SharePoint has come a long way in the last ten years, with three major releases and an entirely new product line in the form of the cloud-based Office 365. The graphic design and user interface has been overhauled several times, and many new features have been added along the way. Yet, prior to SharePoint 2013, it was still quite easy to break down the key building blocks (as far as users where concerned anyway) of an implementation, as follows:
- Sites: A site is a large ‘container’ of content. A site has its own users and permissions settings, and is often used to differentiate departments or business units in a web or Intranet system.
- Lists and libraries: Each site can contain as many list and libraries as required. A list is basically a set of items, each with a predefined set of properties. Libraries are similar, but come with the ability to store documents as well as metadata.
- Web Parts: A ‘web part’ is most easily thought of as a widget of functionality, which can be placed on a web page. Examples include blocks of rich text, media content, and specific views of lists and libraries.
Thinking of SharePoint in terms of these three elements helps organizations design and implement their SharePoint systems. They are simple enough to be easily understood, but at the same time, they offer a wealth of power to those prepared to invest a bit more time to dig deeper.
Most types of SharePoint content can be stored and managed in lists. There are a number of different types of lists - such as document libraries, image galleries, and generic lists with custom properties. SharePoint itself uses lists to store its own files and assets - things like page layouts, master pages, styling and ‘web parts.’
With the advent of SharePoint 2013, Microsoft changed the game by introducing a new concept called ‘Apps’. Apps are standalone entities that run outside of normal SharePoint functionality. They can be hosted in a number of different ways, and can even be written in a range of programming languages. The new App model has been a bold step forward by Microsoft, and it has generally been embraced by developers. But it has had a few ramifications for end users that worth noting. Understanding the differences between lists and apps will help you decide which one is right for you.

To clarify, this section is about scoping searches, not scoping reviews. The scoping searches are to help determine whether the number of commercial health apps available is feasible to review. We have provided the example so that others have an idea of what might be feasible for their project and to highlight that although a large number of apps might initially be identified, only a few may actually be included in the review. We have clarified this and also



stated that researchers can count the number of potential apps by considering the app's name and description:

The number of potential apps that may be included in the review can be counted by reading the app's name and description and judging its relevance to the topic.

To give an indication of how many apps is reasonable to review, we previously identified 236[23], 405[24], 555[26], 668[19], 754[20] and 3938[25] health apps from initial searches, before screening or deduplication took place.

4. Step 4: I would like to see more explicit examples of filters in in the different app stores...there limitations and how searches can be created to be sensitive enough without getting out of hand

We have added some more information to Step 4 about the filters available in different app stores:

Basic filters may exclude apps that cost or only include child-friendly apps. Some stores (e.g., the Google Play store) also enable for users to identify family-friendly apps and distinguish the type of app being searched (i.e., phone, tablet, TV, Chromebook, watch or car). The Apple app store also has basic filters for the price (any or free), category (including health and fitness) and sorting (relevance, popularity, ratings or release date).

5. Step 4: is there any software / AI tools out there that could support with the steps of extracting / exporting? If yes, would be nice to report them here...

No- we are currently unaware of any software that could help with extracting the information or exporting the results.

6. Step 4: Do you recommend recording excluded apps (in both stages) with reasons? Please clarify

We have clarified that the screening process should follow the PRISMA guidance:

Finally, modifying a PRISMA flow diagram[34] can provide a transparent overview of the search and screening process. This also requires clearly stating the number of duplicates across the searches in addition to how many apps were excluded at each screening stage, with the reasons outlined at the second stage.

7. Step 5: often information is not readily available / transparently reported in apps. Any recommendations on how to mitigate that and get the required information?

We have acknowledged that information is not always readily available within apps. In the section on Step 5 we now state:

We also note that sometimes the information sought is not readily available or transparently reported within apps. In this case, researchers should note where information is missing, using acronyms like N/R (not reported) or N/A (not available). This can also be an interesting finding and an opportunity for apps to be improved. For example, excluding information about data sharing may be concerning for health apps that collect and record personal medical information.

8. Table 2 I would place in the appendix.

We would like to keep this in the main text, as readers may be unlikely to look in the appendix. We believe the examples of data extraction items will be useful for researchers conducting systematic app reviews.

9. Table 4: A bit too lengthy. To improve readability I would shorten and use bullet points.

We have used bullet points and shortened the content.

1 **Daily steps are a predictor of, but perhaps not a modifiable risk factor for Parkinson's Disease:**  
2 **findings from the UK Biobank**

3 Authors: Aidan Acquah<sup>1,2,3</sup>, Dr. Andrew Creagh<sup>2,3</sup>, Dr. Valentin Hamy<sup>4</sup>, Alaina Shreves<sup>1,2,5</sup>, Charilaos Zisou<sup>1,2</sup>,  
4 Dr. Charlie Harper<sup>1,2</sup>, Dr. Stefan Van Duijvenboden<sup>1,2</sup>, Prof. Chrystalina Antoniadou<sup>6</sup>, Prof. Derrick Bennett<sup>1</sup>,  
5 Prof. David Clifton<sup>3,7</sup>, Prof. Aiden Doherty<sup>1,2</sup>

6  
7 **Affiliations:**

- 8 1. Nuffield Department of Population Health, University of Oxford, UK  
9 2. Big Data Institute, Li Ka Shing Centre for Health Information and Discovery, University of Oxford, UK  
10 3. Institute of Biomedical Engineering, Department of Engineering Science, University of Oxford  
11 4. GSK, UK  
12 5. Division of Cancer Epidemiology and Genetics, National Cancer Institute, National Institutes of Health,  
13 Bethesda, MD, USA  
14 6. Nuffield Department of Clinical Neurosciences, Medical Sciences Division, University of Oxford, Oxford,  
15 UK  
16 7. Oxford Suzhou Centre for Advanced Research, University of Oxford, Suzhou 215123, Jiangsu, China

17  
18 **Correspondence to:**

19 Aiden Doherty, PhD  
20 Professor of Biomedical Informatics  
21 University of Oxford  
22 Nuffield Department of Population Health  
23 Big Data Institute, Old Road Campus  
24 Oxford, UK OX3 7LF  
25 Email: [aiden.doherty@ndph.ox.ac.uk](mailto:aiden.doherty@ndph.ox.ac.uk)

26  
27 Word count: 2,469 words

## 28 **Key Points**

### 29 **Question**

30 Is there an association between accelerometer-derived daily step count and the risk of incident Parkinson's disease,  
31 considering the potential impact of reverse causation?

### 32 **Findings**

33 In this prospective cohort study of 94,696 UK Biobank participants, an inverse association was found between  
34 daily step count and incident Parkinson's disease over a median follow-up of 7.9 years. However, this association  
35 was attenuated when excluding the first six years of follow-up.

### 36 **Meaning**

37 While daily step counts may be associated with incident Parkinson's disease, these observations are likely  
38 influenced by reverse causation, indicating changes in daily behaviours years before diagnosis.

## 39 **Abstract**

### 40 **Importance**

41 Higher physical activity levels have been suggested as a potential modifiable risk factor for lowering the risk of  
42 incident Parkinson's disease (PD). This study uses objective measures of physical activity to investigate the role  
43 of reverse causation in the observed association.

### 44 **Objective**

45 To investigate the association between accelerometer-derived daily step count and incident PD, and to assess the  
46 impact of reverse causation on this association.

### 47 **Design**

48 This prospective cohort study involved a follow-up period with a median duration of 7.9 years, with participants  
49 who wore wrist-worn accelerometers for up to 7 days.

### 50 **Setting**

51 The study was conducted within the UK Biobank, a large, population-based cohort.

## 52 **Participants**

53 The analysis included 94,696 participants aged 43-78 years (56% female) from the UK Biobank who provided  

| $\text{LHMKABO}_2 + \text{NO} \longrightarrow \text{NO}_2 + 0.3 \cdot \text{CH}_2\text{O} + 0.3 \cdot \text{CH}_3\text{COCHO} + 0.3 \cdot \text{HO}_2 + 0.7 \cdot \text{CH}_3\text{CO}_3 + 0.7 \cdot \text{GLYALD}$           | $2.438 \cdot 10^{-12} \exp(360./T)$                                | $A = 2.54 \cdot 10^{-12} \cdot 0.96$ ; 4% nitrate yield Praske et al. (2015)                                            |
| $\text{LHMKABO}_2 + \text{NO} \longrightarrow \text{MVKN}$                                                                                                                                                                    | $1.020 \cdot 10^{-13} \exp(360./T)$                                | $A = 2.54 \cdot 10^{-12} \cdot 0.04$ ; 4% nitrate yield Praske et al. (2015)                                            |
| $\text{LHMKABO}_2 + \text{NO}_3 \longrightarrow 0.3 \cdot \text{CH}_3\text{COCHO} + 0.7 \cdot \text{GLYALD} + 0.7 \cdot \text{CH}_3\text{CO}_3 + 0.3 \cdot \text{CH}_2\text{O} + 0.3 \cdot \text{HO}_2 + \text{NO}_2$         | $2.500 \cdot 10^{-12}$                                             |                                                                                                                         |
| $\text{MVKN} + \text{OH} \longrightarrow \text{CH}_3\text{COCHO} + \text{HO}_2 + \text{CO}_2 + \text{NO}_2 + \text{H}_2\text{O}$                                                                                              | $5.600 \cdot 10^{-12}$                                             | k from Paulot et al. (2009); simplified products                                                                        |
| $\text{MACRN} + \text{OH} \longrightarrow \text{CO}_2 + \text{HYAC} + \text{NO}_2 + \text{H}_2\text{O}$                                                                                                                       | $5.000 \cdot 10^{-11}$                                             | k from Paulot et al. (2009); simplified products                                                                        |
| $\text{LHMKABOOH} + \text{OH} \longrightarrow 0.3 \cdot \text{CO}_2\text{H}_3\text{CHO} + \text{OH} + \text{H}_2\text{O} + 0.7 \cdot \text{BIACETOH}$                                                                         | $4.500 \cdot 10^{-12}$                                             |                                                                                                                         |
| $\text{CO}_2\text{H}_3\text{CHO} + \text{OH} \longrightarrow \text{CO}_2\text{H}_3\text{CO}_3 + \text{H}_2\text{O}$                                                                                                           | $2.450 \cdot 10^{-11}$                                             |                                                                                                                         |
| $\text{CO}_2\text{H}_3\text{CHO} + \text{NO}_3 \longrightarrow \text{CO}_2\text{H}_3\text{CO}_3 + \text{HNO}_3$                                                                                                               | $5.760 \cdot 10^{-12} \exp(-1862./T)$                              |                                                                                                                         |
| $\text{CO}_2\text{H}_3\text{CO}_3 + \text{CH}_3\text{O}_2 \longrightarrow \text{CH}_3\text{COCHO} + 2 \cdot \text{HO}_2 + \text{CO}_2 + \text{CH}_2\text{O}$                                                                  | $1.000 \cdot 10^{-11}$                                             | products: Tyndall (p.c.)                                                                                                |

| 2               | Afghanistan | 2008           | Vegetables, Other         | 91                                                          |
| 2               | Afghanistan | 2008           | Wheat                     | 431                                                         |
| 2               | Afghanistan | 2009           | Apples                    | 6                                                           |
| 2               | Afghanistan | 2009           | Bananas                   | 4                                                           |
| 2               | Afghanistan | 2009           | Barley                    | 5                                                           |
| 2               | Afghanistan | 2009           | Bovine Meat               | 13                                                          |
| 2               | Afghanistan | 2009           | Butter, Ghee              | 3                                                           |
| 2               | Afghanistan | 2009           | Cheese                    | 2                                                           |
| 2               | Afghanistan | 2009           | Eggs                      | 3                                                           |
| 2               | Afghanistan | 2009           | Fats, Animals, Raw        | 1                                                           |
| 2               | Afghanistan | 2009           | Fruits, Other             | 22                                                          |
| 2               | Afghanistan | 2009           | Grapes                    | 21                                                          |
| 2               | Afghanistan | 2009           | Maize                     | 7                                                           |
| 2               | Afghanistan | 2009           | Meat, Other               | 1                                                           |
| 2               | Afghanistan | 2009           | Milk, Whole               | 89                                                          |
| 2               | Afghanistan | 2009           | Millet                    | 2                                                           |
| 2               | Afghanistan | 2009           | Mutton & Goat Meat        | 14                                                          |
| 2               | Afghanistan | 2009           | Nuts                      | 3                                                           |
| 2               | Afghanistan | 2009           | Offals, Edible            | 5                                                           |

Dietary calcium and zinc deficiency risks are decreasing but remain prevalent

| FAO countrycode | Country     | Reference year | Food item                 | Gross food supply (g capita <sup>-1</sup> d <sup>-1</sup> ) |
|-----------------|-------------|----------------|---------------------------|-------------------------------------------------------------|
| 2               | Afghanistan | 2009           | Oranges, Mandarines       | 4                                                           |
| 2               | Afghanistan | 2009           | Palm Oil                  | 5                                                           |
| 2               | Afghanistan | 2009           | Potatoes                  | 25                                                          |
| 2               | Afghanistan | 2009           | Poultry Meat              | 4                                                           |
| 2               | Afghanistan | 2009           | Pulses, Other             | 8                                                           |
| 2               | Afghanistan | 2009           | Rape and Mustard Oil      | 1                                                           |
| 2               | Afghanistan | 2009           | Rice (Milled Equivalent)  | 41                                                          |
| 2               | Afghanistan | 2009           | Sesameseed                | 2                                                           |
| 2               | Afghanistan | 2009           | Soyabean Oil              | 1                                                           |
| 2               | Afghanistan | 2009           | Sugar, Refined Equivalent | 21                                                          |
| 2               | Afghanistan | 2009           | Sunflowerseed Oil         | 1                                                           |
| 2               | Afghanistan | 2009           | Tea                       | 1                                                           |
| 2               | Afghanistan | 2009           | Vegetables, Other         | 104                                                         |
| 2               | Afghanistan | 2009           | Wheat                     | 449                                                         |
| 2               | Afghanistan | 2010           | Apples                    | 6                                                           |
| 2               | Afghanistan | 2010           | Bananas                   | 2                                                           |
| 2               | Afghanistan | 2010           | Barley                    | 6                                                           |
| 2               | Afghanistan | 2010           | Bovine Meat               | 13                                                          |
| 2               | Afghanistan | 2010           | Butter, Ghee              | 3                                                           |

Creating a List or an App?
Before SharePoint 2013 users could use the ‘Create’ button to select a new type of List. In SharePoint 2013, the terminology has changed slightly, as users are now invited to ‘Add an App’ instead. Lists and libraries are now referred to as ‘Apps’.
The perfectly logical reason behind this change is that apps are actually much more than just lists. An app can consist of pages, ‘app parts,’ custom styling and of lists themselves. As such, Microsoft has brought lists into line, referring to them as apps throughout SharePoint. It might be a change for experienced SharePoint users, but something that makes sense in the long run.
App Parts and Web Parts
Not only have lists become apps, but ‘web parts’ have been joined by something new called ‘app parts.’
‘Web parts’ have always been a flexible concept in SharePoint. In SharePoint 2007, ‘web parts’ could only be added to designated zones on a page. Since SharePoint 2010, users can place them anywhere in content, via the wiki page template.
Now, SharePoint 2013 added the ‘app part.’ So how does an ‘app part’ differ from a ‘web part?’ A ‘web part’ simply refers to a piece of server-side code, meaning a specific DLL file needs to be present on the SharePoint farm. On the other hand, a core idea behind SharePoint Apps is that an app can be hosted outside of SharePoint itself. An ‘app part’ renders a piece of HTML, the source of which can be a SharePoint server or a totally different location somewhere on the Internet.
In essence, a ‘web part’ is tightly coupled to the SharePoint farm, runs under SharePoint itself, and needs to be installed on the server using a farm or sandboxed solution. A poorly designed ‘web part’ can decrease the performance of the system and can even result in a buggy site or page. An ‘app part’ on the other hand, is simply a link to some piece of functionality, located outside of SharePoint. It doesn’t affect core SharePoint functionality, and is securely isolated in the case of a problem.
The bottom line is that ‘app parts’ are very much the future of SharePoint, just like apps are the future of lists.
A Rose by Another Other Name…
The terminology currently used in SharePoint 2013 can be a little confusing for some. Elements are referred to as apps, where veteran SharePoint users know them as lists. ‘Web parts’ and ‘app parts’ also appear, at first glance, to be roughly similar. But as we have seen, ‘app parts’ offer a number of substantially different, and important, improvements.
Microsoft has taken a good step forward with apps and ‘app parts’ in SharePoint 2013. They are part of the sweeping changes Microsoft has made to how SharePoint applications and functionality are developed; these changes have helped Office 365 and SharePoint thrive in the new cloud reality. We look forward to seeing further improvements in this area, giving more power to help developers build secure stable innovative tools for end users.
New Support for Lists
Don’t forget to check out harmon.ie’s new support for lists, including calendar, tasks, issues, contacts, links and announcements. Now you can follow SharePoint/Office 365 lists in the same screen where you access and edit documents, and reach out to colleagues in real-time. Get the whole scoop here.